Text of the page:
Other Issues

Although we seriously doubt the existence of reverse speech, we may be wrong. We encourage Oates or anyone interested in the possibility of reverse speech to conduct empirical investigations. Oates has said that he desperately wants research conducted on reverse speech (Lamorte 1997). Many of his claims involving unconscious thoughts and metaphors are by their nature untestable. However, some simple investigations of his claims could be easily conducted. For example, subjects could listen to samples of reverse speech and report what they heard. Interobserver agreement, the percentage of times that different subjects reported hearing the same thing, could be calculated. Such measures can be used to minimize biases that individual observers may have (Kazdin 1982). High rates of agreement would at least confirm the ability for humans to hear the same messages in the absence of specific expectations.

Another simple investigation could test the claim that reverse speech can be used for lie detection. Researchers could arrange for confederates to lie on tape about some verifiable personal information (e.g., age, height, weight, etc.), and tell the truth about other similar information. If reverse speech always detects the truth, the subjects should be able to separate facts from lies at rates better than chance.

Both of these studies could be conducted with minimal cost and effort. If Oates is truly interested in the truth, he could set aside a few hundred dollars (much less than the cost of enrollment at one of his training programs) and fund an independent researcher.

Numerous other claims of doubtful validity can be found in Oates's writings and on the Reverse Speech Web page. Because the very existence of reverse speech is likely invalid, we will not address each of the minor points here. However, two assertions are particularly amusing and cast further doubt on Oates's credibility. Although Oates does not use specific neurological terminology, he claims that the left hemisphere of the cerebral cortex produces forward speech, and the right hemisphere produces reverse speech. He offers no evidence for this. Years ago, it was discovered that both forward and reverse speech sounds are identified most accurately by the left hemisphere (Kimura 1968). Regardless, hemispheric lateralization is not that specialized even for normal speech. Often people who sustain damage to the left hemisphere early in life develop some speech control by the right hemisphere, and some language deficits can occur after right-hemisphere damage (Springer and Deutsch 1993). Furthermore, speech production is controlled by the right-hemisphere in a segment of the left-handed population. Oates's appeal to neuroscience is uninformed and unsupported. In another example, Oates claims that children learn to speak in reverse before they speak in the typical forward fashion. As stated by Newbrook and Curtain (1998), this is contrary to everything we know about language development.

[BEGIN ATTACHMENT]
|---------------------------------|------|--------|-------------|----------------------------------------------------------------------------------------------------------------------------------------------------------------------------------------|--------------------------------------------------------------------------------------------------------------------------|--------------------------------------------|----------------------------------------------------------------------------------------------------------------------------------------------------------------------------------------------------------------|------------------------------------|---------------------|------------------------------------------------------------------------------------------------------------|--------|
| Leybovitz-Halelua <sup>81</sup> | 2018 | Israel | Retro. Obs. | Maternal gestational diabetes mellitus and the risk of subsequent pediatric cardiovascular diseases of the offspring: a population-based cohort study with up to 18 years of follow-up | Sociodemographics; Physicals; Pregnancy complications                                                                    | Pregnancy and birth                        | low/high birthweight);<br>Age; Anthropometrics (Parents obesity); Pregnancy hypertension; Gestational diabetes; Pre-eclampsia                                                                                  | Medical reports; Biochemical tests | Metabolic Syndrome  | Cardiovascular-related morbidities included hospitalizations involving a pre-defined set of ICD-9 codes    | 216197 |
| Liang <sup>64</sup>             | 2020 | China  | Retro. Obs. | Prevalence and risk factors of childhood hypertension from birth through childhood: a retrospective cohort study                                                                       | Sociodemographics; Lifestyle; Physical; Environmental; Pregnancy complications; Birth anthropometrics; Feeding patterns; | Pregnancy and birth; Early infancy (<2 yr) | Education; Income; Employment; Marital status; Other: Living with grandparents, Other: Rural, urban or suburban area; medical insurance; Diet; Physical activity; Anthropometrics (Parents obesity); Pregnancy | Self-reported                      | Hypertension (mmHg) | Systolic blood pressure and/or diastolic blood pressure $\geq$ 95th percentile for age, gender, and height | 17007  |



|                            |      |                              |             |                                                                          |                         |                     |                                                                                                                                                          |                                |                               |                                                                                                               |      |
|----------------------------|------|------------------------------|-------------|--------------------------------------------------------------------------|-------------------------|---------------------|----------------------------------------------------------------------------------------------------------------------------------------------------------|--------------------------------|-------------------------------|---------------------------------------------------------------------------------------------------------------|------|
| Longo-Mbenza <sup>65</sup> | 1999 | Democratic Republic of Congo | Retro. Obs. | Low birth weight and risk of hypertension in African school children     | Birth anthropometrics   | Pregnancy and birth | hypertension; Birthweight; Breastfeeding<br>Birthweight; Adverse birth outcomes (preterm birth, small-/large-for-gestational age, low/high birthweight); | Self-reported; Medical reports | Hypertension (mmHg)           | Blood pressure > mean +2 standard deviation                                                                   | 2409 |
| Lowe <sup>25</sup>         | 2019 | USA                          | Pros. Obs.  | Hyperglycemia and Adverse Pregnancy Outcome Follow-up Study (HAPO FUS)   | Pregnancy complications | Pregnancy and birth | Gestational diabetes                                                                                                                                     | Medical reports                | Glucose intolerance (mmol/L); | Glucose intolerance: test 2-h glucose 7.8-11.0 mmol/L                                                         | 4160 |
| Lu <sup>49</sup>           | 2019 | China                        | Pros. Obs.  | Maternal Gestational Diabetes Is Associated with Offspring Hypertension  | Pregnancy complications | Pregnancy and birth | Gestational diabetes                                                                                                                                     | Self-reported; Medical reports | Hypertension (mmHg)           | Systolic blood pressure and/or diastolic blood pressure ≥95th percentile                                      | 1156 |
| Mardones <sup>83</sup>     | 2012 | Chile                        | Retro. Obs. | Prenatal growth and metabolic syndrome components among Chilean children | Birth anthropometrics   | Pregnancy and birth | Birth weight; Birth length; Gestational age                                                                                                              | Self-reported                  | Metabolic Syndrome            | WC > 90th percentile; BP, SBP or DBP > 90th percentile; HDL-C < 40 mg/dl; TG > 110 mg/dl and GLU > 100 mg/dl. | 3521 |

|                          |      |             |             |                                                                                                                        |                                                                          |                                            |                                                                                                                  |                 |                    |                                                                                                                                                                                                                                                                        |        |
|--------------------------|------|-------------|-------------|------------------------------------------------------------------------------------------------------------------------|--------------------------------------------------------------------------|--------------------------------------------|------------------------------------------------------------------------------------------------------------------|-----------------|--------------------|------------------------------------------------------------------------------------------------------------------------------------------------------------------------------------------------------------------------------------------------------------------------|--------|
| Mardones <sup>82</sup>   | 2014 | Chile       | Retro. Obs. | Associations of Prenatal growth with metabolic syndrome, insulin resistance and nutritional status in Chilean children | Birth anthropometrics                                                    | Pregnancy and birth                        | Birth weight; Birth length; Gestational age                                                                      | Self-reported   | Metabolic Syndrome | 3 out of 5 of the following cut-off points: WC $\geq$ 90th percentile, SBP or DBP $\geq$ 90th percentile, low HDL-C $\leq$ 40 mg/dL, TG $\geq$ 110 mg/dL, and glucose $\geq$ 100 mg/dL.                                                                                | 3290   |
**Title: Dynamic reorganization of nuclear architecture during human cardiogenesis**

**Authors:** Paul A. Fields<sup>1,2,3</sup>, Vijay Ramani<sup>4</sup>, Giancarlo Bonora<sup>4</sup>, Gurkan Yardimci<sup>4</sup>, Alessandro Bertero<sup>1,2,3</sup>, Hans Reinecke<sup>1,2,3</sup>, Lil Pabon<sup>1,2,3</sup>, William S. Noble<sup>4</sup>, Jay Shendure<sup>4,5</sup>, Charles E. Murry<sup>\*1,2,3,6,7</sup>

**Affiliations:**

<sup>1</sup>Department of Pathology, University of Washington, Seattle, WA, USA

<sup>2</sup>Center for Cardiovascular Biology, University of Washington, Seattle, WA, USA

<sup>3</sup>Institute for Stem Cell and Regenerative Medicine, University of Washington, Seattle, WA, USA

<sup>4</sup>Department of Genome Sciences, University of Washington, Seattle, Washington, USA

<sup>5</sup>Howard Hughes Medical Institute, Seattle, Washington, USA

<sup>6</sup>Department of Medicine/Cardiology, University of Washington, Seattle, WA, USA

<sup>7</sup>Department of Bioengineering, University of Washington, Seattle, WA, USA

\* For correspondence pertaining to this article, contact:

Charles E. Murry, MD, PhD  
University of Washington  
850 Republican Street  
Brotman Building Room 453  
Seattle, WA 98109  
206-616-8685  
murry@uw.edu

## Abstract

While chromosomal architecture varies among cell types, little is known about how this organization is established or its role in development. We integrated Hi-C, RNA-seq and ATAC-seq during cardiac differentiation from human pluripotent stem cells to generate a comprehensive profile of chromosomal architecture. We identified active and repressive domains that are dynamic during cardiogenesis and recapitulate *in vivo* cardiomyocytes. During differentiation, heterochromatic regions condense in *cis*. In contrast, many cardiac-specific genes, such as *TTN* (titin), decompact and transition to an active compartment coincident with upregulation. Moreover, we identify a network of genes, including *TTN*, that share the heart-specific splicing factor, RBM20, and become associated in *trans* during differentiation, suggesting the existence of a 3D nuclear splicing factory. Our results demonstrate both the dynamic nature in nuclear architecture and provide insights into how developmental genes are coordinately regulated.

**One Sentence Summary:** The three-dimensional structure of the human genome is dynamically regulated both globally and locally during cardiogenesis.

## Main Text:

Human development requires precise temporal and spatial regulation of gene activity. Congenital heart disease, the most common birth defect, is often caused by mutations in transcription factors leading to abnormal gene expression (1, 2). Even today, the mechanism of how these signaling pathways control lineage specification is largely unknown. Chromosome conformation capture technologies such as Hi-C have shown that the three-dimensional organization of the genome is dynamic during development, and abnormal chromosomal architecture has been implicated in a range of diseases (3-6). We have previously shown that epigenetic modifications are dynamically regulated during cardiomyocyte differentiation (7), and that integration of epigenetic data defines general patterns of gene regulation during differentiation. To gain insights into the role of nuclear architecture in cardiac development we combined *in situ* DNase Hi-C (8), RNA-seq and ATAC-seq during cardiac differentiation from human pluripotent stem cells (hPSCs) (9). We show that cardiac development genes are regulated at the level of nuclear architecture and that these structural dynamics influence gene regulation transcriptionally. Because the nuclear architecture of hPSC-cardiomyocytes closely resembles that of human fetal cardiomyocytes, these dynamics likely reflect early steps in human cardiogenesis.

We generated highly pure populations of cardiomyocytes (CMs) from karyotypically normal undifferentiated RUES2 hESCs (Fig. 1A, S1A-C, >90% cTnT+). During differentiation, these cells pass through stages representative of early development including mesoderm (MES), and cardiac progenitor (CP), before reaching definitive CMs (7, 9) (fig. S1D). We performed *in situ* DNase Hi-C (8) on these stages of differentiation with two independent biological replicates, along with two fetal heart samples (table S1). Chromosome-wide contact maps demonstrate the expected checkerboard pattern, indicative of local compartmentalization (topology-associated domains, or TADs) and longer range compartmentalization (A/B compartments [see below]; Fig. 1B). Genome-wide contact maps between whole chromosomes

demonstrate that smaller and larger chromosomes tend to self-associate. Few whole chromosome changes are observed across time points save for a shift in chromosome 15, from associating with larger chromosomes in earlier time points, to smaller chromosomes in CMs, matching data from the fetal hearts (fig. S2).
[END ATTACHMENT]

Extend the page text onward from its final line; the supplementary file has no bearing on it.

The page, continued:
The reader may notice we gathered much of our information from the Internet. This was not done by choice. Information on reverse speech (aside from that authored or championed by Oates) does not appear frequently on the printed page. This suggests that reverse speech has for the most part escaped scientific scrutiny. It also suggests that the Internet supplies a means to distribute pseudoscience under the pretense of science. Of course, researchers do not have the time to investigate every fantastic claim that pops out of the woodwork. However, in this case the potential for the abuse of an untested theory is considerable. If reverse speech enters courtrooms and therapists' offices, lives may be seriously affected. We hope that readers can help expose this potential disaster before damage is done.


  1. Brombacher, S. 1996. Review of reverse speech: Hidden messages in human communication. Library Journal 116: 126.
  2. Gorman, B.J. 1998. Facilitated communication in America: Eight years and counting. Skeptic 6: 64-71.
  3. Jacobson, J.W., J.A. Mulick, and A.A. Schwartz. 1995. A history of facilitated communication: Science, pseudoscience, and antiscience. American Psychologist 50: 750-765.
  4. Kazdin, A.E. 1982. Single-case research designs: Methods for clinical and applied settings. New York: Oxford.
  5. Kimura, D. 1968. Neural processing of backwards-speech sounds. Science 839: 395-396
  6. Lamorte, C. 1997. August 6. Reverse psychology. Houston Press [Online] Available: [12/ 30/98]
  7. Newbrook, M. and J. Curtain. 1998. David Oates' theory of reverse speech. [Online] Available: [12/30/98]
  8. Oates, D.J. 1991. Reverse speech: Hidden messages in human communication. Indianapolis, IN: Knowledge systems.
  9. Reverse Speech Enterprises. The official reverse speech Web site [Online] Available: [12/30/98]
  10. Skinner, B. F. 1936. The verbal summator as a method for the study of latent speech. Journal of Psychology 2: 71-107.
  11. ---. 1957. Verbal behavior. New York: Appleton-Century-Crofts.
  12. Springer, S.P., and G. Deutsch. 1993. Left brain, right brain. New York: Freeman.
  13. Vokey, J.R., and J.D. Reid. 1985. Subliminal messages: Between the devil and the media. American Psychologist 40: 1231-1239

Tom Byrne and Matthew Normand

Tom Byrne is an assistant professor of psychology at Massachusetts College of Liberal Arts, North Adams, MA 01247-4100. Address correspondence to him at

Matthew Normand is a graduate student in psychology at Florida State University. Address correspondence to him at